Tuesday, June 18 2013, 10:55 AM MDT
Recommended Films for April 26 - May 2
1. Jurassic Park 3D (PG-13)
2. Oblivion (PG-13)
3. The Sapphires (PG-13)
4. 42 (PG-13)
5. Evil Dead (R)
1. The Croods (PG)
2. Oz the Great and Powerful (PG)
3. Life of Pi (PG)
4. Beautiful Creatures (PG-13)
5. Wreck-It Ralph (PG)
1. Upstream Color (NR)
2. No (R)
3. MUD (PG-13)
4. The Sapphires (PG-13)
5. Trance (R)
Pain and Gain
2 out of 5 Stars
Director: Michael Bay
Starring: Mark Wahlberg, Dwaybe Johnson, Anthony Mackie
Recommended To: Michael Bay apologists, those anxiously waiting for Bad Boys 3.
Synopsis • A trio of not-so-bright bodybuilders kidnap a wealthy restaurant owner in hopes of stealing a piece of the American dream. Things don’t go as planned.
Review • Pain and Gain is an action comedy based on real crimes including gruesome murders. For the purpose of the film the criminals, a trio of bodybuilders played by Mark Wahlberg, Dwaybe Johnson and Anthony Mackie, are clueless dimwits pumped up on bad motivational speeches and illegal substances. The tone makes it hard to tell if director Michael Bay is making a satire or a straight comedy. In a sense it doesn’t matter because regardless of the film’s intentions it’s far too long to be effective. Bay is known for making long films and Pain and Gain fits right in line with that tradition as it takes 90 minutes of material and extends it into a 130-minute movie. Even the trio of audience members who had laughed their way through the first half of the film fell silent for the second half. The tone doesn’t change. Not even when the violence reaches its zenith. There isn’t a moment when Bay holds up a mirror to the audience and asks, “Should you really be laughing at this?” No, with Pain and Gain when the audience gets restless it isn’t because they’re uncomfortable with what they’ve been laughing at, it’s because they’re bored.
The Big Wedding
2.5 out of 5 Stars
Director: Justin Zackham
Starring: Robert De Niro, Katherine Heigl, Diane Keaton
Recommended To: Those looking for a run-of-the-mill wedding movie with a predictable script and more than its share of spray on tans.
Synopsis • Don (Robert De Niro) and Ellie (Diane Keaton), who have been divorced for a decade, pretend to happily married for the benefit of their adopted son to avoid upsetting his religious biological mother.
Review • Like most wedding films focuses on various dysfunctional aspects of all the family members involved. About the only thing that differentiates The Big Wedding from any other wedding film is that it is ‘R’ rated. This allows the dialogue to be a bit more colorful than what you’d have seen in Father of the Bride or My Big Fat Greek Wedding. Not that the film benefits from the additional vulgarity, brief nudity or sexual themes. The cast, which includes Amanda Seyfried, Susan Sarandon, Robin Williams, Katherine Heigl and Ben Barns is predictably charming, but no one works up a sweat as director/writer Justin Zackham’s script only goes skin deep. It’s better than Little Fockers, but that’s not exactly saying a lot.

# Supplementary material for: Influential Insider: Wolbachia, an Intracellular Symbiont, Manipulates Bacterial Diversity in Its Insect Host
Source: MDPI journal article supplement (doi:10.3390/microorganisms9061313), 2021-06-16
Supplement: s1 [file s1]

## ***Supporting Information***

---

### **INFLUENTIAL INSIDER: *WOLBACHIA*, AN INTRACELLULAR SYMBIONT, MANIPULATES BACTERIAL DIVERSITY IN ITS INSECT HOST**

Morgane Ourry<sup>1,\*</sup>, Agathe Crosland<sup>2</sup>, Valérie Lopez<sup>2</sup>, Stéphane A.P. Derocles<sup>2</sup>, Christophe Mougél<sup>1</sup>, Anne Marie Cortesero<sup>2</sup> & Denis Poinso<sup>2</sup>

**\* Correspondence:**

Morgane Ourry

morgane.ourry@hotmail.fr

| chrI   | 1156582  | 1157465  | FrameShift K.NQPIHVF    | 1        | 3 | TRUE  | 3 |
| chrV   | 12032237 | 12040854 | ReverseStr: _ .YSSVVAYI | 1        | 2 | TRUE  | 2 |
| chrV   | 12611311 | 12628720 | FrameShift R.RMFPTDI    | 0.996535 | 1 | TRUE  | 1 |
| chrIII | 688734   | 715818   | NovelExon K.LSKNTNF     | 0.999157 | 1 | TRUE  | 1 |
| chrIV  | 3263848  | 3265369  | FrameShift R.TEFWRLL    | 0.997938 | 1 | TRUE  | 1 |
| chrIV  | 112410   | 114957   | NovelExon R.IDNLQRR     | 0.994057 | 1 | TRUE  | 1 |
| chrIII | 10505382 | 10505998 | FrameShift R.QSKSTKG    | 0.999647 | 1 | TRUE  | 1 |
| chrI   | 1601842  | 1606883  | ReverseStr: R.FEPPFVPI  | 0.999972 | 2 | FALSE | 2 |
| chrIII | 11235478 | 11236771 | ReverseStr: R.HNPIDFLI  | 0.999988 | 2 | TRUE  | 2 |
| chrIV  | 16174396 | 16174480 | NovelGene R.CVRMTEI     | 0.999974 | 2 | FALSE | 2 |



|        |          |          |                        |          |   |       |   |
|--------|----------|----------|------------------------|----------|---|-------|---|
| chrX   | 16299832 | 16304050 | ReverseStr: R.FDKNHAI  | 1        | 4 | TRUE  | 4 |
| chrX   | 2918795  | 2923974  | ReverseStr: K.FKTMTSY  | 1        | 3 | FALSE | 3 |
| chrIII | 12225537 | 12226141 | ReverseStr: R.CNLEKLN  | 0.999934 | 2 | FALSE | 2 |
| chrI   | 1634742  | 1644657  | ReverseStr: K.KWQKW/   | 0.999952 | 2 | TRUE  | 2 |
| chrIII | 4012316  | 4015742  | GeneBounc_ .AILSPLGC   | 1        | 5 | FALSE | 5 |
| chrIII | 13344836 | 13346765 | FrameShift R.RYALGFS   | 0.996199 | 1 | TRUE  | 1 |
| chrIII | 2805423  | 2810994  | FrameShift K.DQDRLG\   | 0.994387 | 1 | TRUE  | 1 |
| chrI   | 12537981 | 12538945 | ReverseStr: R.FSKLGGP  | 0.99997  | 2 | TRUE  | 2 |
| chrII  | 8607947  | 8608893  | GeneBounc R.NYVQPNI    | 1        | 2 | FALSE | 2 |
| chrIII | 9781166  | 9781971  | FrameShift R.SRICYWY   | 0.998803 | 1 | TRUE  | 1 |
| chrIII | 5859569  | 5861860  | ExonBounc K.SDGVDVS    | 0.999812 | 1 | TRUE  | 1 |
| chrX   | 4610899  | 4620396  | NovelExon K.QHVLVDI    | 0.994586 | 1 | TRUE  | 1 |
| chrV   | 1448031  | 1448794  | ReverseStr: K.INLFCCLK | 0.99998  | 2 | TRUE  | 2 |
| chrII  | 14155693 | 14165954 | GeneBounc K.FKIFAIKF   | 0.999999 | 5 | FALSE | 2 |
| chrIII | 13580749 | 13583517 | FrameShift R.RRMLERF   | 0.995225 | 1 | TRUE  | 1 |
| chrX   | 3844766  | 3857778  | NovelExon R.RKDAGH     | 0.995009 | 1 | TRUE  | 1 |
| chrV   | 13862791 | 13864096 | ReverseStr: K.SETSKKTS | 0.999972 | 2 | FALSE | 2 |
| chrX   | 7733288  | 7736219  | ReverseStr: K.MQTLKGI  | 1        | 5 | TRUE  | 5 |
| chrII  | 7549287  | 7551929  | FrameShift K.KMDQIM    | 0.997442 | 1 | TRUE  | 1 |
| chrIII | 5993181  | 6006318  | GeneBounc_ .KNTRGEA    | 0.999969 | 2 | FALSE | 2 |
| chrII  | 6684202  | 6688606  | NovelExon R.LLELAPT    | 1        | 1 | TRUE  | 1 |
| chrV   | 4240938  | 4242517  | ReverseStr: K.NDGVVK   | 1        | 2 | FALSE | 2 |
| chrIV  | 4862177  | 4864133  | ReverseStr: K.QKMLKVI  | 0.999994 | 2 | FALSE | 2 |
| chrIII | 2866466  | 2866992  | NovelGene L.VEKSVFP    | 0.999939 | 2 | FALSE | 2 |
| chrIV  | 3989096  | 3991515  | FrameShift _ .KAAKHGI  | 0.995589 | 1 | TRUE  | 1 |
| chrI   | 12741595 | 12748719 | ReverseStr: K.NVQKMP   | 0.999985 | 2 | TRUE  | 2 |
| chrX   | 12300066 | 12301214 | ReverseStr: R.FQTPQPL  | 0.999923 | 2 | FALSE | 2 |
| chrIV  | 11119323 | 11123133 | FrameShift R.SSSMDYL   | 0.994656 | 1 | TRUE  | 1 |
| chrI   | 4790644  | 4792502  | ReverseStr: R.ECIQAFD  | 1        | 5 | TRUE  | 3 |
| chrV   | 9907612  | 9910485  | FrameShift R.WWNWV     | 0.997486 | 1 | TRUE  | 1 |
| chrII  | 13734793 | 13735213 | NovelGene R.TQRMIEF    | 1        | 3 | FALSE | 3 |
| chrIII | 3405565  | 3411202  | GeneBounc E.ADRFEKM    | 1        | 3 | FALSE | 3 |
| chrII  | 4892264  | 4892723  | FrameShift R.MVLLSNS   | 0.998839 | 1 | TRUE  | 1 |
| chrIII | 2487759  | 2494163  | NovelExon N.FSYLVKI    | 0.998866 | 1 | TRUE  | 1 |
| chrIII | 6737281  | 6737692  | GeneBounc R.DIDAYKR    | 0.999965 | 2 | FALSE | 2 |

3.5 out of 5 Stars
Director: Jeff Nichols
Starring: Matthew McConaughey, Tye Sheridan, Jacob Lofland
Recommended To: Those looking for an above average drama with strong performances from Matthew McConaughey and a pair of fresh-faced child actors.
Synopsis • A pair of young teens discover a fugitive hiding in an abandoned boat and agree to help him while he waits for the love of his life to come and find him.
Review • Director/writer Jeff Nichols (Take Shelter) returns with another interesting character study that relies heavily on the talents of his cast. Matthew McConaughey, who seems to be having something of a renaissance, is well cast as the charming, but dangerous fugitive called Mud. He’s appropriately rough around the edges and just soft enough to be sentimental. As good as McConaughey is the film would fall flat if it wasn’t for the fine performance from newcomers Tye Sheridan and Jacob Lofland. The duo has a wonderful natural chemistry that grants the audience access into their rustic world. One of these days Nichols is going to craft a masterpiece. For now we’ll make due with another strong character driven drama.
3 out of 5 Stars
Director: Henry Alex Rubin
Starring: Jason Bateman, Paula Patton, Alexander Skarsgard
Recommended To: Those looking for a challenging drama that addresses the side effects of living in a technologically connected world.
Synopsis • Disconnect weaves together the stories of Nina Dunham (Andrea Riseborough), a reporter looking for a story, Cindy and Derek (Paula Patton and Alexander Skarsgard), a married couple trying to take back their stolen identity and Ben (Jonah Bobo) is a teen on the wrong end of a prank.
Review • Disconnect is a rather grim look at the impact that the internet can have on a person’s life. It has some very interesting ideas from screenwriter Andrew Stern. Stern goes a little too far out of his way to connect all of the stories together and of the characters aren’t given much of an arc, but and the cast of familiar faces under the eye of director Henry Alex Rubin does a fine job of handling the material they have been given. The final act of the film does stray into melodrama as everything comes unraveled; it still delivers its message loud and clear. I particularly liked aspects of Cindy and Derek’s story and wish it had built up to a stronger finish. Despite these flaws Disconnect is worth a look even if only to see Jason Bateman in something other than a comedy.
(Copyright 2013 Sinclair Broadcasting Group.)